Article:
Land Rover
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Even after ownership of Land Rover has passed through German, American, and into Indian hands; even with the plans to move some manufacturing to China to save money, the car itself remains essentially British.
To clarify one point early on: Land Rover here means the proper breed, including the Discovery at a pinch, but excluding the Range Rover and the Freelander Ė they arenít ugly enough to qualify.
The essential Britishness of the vehicle designed in Anglesey and made in Birmingham and then Merseyside remains, perhaps even for versions made for many years in overseas plants. Cynics might say this is because some models have over time earned a reputation for breaking down. Enthusiasts would point to the Bulldog face of the car; to the robust simplicity of its engineering until recent times, making it a frequent choice for armed forces globally; and to its endurance.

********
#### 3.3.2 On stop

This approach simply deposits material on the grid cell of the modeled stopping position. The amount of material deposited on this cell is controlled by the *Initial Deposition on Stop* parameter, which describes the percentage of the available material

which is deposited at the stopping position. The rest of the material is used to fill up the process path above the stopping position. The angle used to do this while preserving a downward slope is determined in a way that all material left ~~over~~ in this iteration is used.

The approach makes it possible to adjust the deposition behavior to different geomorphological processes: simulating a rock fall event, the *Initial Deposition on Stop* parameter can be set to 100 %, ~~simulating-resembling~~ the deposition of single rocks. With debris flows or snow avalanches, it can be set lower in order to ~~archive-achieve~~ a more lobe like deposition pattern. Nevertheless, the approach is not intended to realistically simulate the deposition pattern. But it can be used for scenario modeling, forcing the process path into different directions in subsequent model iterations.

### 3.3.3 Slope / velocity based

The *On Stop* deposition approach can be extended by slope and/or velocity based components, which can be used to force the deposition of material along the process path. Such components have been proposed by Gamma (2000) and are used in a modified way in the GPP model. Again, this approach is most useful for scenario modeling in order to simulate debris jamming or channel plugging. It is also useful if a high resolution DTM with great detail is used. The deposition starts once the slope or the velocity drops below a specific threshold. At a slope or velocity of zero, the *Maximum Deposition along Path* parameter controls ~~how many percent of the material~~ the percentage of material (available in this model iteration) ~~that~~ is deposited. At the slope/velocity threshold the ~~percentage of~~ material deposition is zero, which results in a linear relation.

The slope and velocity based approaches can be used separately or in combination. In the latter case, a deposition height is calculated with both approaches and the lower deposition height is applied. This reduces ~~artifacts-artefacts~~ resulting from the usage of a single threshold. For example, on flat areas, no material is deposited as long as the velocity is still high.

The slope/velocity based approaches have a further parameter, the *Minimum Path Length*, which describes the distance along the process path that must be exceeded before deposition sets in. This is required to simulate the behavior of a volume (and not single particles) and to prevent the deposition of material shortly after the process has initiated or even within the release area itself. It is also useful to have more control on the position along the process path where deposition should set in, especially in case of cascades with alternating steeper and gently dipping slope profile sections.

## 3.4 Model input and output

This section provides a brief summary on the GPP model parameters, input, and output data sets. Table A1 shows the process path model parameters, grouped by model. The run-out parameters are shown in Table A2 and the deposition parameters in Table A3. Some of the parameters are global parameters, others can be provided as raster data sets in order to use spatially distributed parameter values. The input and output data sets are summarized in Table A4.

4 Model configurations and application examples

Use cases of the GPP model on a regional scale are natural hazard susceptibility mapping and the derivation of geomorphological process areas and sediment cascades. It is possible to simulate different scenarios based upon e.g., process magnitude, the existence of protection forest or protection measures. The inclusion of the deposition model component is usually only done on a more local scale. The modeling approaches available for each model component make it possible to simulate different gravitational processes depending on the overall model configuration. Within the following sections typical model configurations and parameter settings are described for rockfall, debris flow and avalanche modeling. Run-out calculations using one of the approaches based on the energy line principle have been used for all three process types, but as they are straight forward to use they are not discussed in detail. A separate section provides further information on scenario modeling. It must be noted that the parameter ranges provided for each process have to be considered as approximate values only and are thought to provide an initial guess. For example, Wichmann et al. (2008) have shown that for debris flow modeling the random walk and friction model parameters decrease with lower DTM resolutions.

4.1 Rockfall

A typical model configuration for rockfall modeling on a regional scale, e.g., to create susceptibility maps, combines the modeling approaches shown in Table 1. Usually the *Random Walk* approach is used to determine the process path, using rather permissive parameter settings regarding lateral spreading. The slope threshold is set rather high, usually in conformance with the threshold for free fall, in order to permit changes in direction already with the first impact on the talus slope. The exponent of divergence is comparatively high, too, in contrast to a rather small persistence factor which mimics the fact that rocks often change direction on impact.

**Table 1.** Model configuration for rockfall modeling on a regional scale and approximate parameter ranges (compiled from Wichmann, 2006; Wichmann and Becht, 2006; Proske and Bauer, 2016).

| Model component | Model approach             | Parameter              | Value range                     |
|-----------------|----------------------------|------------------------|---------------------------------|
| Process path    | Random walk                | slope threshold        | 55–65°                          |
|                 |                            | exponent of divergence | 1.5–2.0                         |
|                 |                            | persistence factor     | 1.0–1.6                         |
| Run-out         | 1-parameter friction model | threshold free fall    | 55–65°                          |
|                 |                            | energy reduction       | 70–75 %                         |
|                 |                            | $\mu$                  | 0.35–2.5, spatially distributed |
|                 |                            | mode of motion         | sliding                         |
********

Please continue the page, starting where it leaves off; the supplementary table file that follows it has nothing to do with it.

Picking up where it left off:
According to a bloke in the pub (so it must be true) 98 per cent of those built since 1958 are still operating; another claim is that three quarters of all Land Rovers produced since the first rolled off the line in 1948 are still running. Itís easy to believe both assertions.
The Land Rover adorns many parts of our national life. Of the more than 4 million made about half seem to live on farms, often with that rear cover like a mini-Nissen Hut; they carry the landed gentry to shoots in the Highlands ; transport troops; haul boats from sea and lake; are de rigueur for mountain rescue teams; and soft-tops look cool for minted students. Itís an institution.

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